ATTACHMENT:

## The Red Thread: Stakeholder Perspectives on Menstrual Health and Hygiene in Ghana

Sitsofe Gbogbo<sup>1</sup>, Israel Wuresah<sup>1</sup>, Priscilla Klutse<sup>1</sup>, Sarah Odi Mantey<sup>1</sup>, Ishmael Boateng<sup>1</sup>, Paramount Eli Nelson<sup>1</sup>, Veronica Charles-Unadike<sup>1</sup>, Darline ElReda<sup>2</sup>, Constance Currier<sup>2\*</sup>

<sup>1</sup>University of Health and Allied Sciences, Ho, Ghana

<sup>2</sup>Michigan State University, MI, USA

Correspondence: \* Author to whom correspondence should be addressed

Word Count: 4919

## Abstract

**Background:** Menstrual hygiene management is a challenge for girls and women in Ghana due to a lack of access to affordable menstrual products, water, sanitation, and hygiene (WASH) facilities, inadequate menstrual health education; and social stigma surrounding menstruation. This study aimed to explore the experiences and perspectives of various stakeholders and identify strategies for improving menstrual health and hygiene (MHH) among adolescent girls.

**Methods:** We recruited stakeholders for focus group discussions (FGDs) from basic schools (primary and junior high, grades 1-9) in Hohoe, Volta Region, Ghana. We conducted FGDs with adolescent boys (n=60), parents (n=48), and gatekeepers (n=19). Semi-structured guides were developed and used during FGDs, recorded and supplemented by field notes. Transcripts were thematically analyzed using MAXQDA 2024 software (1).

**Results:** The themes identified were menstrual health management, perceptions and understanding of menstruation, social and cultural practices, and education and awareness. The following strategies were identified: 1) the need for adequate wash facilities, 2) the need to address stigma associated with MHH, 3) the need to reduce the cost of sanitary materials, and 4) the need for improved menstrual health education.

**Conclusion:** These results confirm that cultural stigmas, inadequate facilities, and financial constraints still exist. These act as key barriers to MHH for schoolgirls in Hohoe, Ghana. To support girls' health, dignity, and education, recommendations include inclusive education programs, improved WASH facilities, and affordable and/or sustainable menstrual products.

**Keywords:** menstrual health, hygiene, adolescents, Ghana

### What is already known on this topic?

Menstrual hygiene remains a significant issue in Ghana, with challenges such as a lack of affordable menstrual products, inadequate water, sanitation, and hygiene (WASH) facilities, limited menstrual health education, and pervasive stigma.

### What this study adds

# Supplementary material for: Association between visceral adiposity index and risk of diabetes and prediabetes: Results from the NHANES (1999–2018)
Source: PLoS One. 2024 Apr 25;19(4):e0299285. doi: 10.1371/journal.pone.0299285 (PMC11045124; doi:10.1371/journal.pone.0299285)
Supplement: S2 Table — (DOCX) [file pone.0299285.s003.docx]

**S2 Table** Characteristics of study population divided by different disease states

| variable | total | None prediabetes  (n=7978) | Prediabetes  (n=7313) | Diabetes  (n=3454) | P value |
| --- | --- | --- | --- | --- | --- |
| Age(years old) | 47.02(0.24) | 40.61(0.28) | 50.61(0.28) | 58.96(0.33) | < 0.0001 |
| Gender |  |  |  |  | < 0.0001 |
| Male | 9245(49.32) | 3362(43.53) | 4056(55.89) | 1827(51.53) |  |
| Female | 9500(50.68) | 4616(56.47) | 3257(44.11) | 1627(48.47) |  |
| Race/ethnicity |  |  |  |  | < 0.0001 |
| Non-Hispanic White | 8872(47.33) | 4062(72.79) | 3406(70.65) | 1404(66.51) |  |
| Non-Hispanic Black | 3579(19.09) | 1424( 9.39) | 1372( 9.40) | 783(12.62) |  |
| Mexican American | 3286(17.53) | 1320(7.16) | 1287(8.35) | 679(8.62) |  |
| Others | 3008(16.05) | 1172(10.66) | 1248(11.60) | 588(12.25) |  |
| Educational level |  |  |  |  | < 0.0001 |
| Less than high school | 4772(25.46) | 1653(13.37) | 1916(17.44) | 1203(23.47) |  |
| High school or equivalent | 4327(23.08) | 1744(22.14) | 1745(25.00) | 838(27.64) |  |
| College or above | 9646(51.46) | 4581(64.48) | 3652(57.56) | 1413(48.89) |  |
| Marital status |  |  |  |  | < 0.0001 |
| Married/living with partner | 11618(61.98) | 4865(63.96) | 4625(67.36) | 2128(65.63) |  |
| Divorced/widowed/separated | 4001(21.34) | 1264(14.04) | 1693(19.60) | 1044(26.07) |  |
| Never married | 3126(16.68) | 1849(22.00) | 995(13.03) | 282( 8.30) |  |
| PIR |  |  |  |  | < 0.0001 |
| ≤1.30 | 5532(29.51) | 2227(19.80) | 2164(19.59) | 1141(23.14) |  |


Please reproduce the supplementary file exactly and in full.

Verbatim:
## The Red Thread: Stakeholder Perspectives on Menstrual Health and Hygiene in Ghana

Sitsofe Gbogbo<sup>1</sup>, Israel Wuresah<sup>1</sup>, Priscilla Klutse<sup>1</sup>, Sarah Odi Mantey<sup>1</sup>, Ishmael Boateng<sup>1</sup>, Paramount Eli Nelson<sup>1</sup>, Veronica Charles-Unadike<sup>1</sup>, Darline ElReda<sup>2</sup>, Constance Currier<sup>2\*</sup>

<sup>1</sup>University of Health and Allied Sciences, Ho, Ghana

<sup>2</sup>Michigan State University, MI, USA

Correspondence: \* Author to whom correspondence should be addressed

Word Count: 4919

## Abstract

**Background:** Menstrual hygiene management is a challenge for girls and women in Ghana due to a lack of access to affordable menstrual products, water, sanitation, and hygiene (WASH) facilities, inadequate menstrual health education; and social stigma surrounding menstruation. This study aimed to explore the experiences and perspectives of various stakeholders and identify strategies for improving menstrual health and hygiene (MHH) among adolescent girls.

**Methods:** We recruited stakeholders for focus group discussions (FGDs) from basic schools (primary and junior high, grades 1-9) in Hohoe, Volta Region, Ghana. We conducted FGDs with adolescent boys (n=60), parents (n=48), and gatekeepers (n=19). Semi-structured guides were developed and used during FGDs, recorded and supplemented by field notes. Transcripts were thematically analyzed using MAXQDA 2024 software (1).

**Results:** The themes identified were menstrual health management, perceptions and understanding of menstruation, social and cultural practices, and education and awareness. The following strategies were identified: 1) the need for adequate wash facilities, 2) the need to address stigma associated with MHH, 3) the need to reduce the cost of sanitary materials, and 4) the need for improved menstrual health education.

**Conclusion:** These results confirm that cultural stigmas, inadequate facilities, and financial constraints still exist. These act as key barriers to MHH for schoolgirls in Hohoe, Ghana. To support girls' health, dignity, and education, recommendations include inclusive education programs, improved WASH facilities, and affordable and/or sustainable menstrual products.

**Keywords:** menstrual health, hygiene, adolescents, Ghana

### What is already known on this topic?

Menstrual hygiene remains a significant issue in Ghana, with challenges such as a lack of affordable menstrual products, inadequate water, sanitation, and hygiene (WASH) facilities, limited menstrual health education, and pervasive stigma.

### What this study adds

# Supplementary material for: Association between visceral adiposity index and risk of diabetes and prediabetes: Results from the NHANES (1999–2018)
Source: PLoS One. 2024 Apr 25;19(4):e0299285. doi: 10.1371/journal.pone.0299285 (PMC11045124; doi:10.1371/journal.pone.0299285)
Supplement: S2 Table — (DOCX) [file pone.0299285.s003.docx]

**S2 Table** Characteristics of study population divided by different disease states

| variable | total | None prediabetes  (n=7978) | Prediabetes  (n=7313) | Diabetes  (n=3454) | P value |
| --- | --- | --- | --- | --- | --- |
| Age(years old) | 47.02(0.24) | 40.61(0.28) | 50.61(0.28) | 58.96(0.33) | < 0.0001 |
| Gender |  |  |  |  | < 0.0001 |
| Male | 9245(49.32) | 3362(43.53) | 4056(55.89) | 1827(51.53) |  |
| Female | 9500(50.68) | 4616(56.47) | 3257(44.11) | 1627(48.47) |  |
| Race/ethnicity |  |  |  |  | < 0.0001 |
| Non-Hispanic White | 8872(47.33) | 4062(72.79) | 3406(70.65) | 1404(66.51) |  |
| Non-Hispanic Black | 3579(19.09) | 1424( 9.39) | 1372( 9.40) | 783(12.62) |  |
| Mexican American | 3286(17.53) | 1320(7.16) | 1287(8.35) | 679(8.62) |  |
| Others | 3008(16.05) | 1172(10.66) | 1248(11.60) | 588(12.25) |  |
| Educational level |  |  |  |  | < 0.0001 |
| Less than high school | 4772(25.46) | 1653(13.37) | 1916(17.44) | 1203(23.47) |  |
| High school or equivalent | 4327(23.08) | 1744(22.14) | 1745(25.00) | 838(27.64) |  |
| College or above | 9646(51.46) | 4581(64.48) | 3652(57.56) | 1413(48.89) |  |
| Marital status |  |  |  |  | < 0.0001 |
| Married/living with partner | 11618(61.98) | 4865(63.96) | 4625(67.36) | 2128(65.63) |  |
| Divorced/widowed/separated | 4001(21.34) | 1264(14.04) | 1693(19.60) | 1044(26.07) |  |
| Never married | 3126(16.68) | 1849(22.00) | 995(13.03) | 282( 8.30) |  |
| PIR |  |  |  |  | < 0.0001 |
| ≤1.30 | 5532(29.51) | 2227(19.80) | 2164(19.59) | 1141(23.14) |  |